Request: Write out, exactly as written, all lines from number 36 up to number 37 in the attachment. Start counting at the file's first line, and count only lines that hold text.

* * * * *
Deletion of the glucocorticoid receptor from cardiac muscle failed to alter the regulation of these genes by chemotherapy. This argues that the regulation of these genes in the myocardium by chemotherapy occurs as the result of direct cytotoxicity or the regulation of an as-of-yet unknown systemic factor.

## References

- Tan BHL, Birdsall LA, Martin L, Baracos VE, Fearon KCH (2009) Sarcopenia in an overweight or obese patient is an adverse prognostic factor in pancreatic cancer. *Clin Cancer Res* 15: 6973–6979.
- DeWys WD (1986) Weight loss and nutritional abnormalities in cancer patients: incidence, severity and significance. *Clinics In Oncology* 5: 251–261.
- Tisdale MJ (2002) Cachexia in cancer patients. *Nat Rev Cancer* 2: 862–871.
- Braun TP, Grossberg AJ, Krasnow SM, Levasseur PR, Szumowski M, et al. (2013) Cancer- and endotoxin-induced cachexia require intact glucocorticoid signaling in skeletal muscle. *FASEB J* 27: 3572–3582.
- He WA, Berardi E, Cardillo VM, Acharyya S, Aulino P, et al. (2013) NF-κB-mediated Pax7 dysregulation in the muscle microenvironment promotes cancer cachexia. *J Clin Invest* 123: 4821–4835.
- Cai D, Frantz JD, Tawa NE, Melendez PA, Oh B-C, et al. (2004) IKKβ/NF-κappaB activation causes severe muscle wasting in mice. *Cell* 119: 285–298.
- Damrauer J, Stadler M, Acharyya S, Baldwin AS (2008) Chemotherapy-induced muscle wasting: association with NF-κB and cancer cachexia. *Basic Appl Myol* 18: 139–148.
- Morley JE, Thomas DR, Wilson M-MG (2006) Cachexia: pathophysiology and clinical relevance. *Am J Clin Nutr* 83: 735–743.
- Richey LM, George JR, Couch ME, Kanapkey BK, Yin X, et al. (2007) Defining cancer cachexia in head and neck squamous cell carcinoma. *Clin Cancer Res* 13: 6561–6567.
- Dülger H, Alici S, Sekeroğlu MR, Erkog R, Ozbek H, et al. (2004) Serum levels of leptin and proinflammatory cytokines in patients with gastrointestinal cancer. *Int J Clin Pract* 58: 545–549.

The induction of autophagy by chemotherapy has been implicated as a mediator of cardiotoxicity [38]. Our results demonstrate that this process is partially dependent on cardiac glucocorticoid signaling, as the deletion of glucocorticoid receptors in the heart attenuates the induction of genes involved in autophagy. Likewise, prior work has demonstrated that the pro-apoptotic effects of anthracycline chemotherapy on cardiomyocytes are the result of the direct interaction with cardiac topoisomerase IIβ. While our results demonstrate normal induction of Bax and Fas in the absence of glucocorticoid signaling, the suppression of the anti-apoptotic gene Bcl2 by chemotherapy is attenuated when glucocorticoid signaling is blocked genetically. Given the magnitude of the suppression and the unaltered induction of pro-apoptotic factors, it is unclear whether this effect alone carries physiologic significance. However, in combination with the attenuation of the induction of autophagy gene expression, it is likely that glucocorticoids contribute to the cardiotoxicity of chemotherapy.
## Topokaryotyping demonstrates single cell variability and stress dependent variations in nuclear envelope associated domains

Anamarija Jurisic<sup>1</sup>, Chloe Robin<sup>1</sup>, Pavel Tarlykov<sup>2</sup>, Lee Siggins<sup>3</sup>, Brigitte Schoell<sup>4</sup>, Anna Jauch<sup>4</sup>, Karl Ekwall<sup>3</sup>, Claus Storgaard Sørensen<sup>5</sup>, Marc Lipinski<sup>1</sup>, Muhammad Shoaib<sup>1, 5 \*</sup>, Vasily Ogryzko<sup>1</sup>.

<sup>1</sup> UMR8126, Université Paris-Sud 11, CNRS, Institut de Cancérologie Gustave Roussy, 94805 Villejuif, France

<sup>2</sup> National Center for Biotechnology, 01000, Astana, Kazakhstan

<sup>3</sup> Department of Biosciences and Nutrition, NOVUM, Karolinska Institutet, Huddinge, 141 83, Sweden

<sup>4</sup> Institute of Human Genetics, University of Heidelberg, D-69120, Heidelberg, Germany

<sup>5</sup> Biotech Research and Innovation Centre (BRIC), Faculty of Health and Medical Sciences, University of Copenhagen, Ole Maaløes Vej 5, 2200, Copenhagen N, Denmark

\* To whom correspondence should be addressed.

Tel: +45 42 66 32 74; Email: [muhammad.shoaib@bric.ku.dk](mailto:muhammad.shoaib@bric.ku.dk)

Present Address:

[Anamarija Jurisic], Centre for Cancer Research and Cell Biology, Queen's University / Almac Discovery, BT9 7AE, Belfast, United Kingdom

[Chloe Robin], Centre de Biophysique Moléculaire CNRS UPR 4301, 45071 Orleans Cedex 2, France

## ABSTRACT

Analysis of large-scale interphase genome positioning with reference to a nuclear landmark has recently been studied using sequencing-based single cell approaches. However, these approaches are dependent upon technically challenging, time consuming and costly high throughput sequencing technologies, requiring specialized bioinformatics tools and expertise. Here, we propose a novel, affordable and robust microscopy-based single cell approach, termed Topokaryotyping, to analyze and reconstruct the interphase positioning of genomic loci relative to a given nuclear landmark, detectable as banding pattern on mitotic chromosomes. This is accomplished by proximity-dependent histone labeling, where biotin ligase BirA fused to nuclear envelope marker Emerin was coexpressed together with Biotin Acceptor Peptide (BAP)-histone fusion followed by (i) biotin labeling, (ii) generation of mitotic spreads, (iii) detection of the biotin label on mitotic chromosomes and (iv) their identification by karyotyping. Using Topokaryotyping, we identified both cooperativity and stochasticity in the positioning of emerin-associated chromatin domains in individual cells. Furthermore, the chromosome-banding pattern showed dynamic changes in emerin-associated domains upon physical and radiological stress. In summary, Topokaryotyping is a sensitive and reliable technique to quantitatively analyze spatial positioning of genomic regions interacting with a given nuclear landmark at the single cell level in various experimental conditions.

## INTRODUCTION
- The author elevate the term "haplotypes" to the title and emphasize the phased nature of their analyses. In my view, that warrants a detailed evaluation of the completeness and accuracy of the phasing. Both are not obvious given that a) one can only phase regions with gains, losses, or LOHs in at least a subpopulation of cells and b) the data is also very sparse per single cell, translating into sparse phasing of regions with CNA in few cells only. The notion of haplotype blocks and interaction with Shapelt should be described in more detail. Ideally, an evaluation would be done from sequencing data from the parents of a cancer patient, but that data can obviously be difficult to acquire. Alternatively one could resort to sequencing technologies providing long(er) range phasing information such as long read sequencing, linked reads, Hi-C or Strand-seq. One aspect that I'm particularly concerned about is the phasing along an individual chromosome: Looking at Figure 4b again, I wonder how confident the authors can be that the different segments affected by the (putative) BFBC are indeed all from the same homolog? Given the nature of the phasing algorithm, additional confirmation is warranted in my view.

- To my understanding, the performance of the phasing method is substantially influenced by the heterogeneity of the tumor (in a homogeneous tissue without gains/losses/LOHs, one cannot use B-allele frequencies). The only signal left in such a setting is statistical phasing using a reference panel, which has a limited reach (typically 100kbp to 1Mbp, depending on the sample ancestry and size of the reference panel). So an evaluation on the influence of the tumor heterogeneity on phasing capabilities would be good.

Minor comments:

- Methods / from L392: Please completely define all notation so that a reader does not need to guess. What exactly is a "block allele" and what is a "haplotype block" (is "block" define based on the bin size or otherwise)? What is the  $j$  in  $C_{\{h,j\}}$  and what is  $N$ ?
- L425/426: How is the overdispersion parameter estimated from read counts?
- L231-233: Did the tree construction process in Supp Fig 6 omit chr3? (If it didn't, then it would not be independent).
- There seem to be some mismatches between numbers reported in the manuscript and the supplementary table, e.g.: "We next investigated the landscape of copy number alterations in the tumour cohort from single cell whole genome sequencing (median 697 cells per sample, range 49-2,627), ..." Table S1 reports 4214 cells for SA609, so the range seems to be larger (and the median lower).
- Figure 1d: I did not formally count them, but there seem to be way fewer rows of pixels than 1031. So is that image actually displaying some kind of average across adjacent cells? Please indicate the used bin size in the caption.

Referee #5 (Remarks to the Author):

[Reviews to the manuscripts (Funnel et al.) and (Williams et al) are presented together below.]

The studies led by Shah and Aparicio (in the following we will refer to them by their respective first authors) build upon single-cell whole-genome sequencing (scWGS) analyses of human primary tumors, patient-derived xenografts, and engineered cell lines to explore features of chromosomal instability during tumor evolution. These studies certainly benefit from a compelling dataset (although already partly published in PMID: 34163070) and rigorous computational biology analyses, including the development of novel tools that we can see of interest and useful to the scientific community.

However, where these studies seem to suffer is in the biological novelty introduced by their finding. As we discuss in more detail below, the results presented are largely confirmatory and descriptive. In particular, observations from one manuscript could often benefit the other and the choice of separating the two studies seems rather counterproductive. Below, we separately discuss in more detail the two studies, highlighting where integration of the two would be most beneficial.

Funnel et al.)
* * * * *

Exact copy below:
- Figure 1d: I did not formally count them, but there seem to be way fewer rows of pixels than 1031. So is that image actually displaying some kind of average across adjacent cells? Please indicate the used bin size in the caption.

Referee #5 (Remarks to the Author):